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Employers, costs kill paid sick leave bill

August 08, 2008|Marc Lifsher | Times Staff Writer

A state bill to guarantee paid days off for sick workers died Thursday amid opposition from business lobbyists and lawmaker concern that the benefit was too costly.

The bill would have granted employees of small companies in California up to five days of paid sick leave each year. Workers at larger firms could take up to nine days a year.

An estimated 6 million California workers -- about 40% of the state's workforce -- do not have the right to take a day of paid sick leave to recuperate from an illness or injury, see a doctor or care for a family member.

Small businesses and their lobbyists who fought the sick-leave measure said they were relieved that it failed. They estimated that the bill would cost 370,000 jobs in California and would burden employers with $4.6 billion in new costs over a five-year period.

The bill "unfairly presumed that small-business owners are able to provide paid sick leave and don't want to," said John Kabeteck, executive director of the National Federation of Independent Businesses. "That couldn't be further from the truth. The fact is that many want to but simply can't afford it."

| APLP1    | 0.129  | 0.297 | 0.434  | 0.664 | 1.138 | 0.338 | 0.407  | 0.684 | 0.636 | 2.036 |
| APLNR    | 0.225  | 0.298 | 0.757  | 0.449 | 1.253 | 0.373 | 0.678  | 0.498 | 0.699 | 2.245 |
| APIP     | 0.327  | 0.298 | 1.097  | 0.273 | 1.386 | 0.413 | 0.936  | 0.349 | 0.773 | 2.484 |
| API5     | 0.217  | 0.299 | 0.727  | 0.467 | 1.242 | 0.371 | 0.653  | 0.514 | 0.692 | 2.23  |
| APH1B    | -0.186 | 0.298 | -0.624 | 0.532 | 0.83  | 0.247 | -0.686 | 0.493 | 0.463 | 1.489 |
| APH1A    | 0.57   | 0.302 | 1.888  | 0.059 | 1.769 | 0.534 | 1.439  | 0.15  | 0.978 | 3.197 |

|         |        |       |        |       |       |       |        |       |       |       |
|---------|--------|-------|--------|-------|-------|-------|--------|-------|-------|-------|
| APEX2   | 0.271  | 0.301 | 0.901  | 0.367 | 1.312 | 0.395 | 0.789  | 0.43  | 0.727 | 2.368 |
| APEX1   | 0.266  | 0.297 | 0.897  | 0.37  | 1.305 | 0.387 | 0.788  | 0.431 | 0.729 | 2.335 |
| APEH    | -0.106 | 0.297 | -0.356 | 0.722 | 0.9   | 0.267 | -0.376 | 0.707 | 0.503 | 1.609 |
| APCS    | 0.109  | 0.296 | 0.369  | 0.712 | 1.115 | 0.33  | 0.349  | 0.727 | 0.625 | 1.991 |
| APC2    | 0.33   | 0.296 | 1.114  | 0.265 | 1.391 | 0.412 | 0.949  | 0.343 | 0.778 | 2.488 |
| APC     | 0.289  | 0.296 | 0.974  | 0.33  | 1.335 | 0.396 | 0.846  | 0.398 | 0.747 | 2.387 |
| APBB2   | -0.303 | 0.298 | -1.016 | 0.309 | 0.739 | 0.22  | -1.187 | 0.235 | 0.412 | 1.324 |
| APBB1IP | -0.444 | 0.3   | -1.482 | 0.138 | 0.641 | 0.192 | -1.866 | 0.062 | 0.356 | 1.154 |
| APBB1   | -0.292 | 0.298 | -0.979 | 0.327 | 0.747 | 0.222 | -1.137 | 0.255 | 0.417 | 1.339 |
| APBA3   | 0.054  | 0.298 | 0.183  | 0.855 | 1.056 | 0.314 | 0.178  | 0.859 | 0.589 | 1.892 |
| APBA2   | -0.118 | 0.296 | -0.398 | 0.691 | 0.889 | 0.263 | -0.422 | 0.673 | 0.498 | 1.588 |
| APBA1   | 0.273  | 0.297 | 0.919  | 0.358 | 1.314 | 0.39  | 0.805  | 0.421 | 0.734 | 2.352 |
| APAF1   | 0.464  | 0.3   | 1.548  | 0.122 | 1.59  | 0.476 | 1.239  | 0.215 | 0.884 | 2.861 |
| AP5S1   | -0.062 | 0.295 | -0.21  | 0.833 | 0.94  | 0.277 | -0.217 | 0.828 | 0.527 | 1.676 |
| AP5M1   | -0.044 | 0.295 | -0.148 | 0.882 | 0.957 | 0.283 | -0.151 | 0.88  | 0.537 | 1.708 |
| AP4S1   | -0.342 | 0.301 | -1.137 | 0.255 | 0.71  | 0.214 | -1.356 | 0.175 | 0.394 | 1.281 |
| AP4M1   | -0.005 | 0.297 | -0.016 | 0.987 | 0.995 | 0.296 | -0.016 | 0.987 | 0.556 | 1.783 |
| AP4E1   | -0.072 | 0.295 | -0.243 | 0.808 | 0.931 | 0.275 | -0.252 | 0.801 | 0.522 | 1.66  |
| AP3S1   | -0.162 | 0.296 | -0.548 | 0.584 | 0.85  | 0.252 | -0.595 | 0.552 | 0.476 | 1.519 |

The bill, SB 2716, got sidetracked for this legislative session when the Senate Appropriations Committee stalled its progress because it was too expensive.

The defeat occurred despite having strong popular backing, said its author, Assemblywoman Fiona Ma (D-San Francisco). In a recent Field Research Corp. poll, nearly three out of four California voters surveyed backed the idea.

One sticking point for the bill was the estimated cost of enforcement and the requirement that the state government would be required to pay substantial sums to some state workers not currently eligible for sick pay.

Ma blamed her defeat on lawmakers' reluctance to approve new spending when the state government faces a $15.2-billion budget deficit. "We couldn't afford to pay for it this year," she said.

Ma vowed to try to pass a similar bill next year.

If the proposal had become law, California would have been the first state in the nation to provide universal paid sick leave. But it would have eroded the state's ability to attract new employers, said state Chamber of Commerce President Allan Zaremberg. Ma's proposal was high on the influential business lobby's annual list of "job killer" bills.


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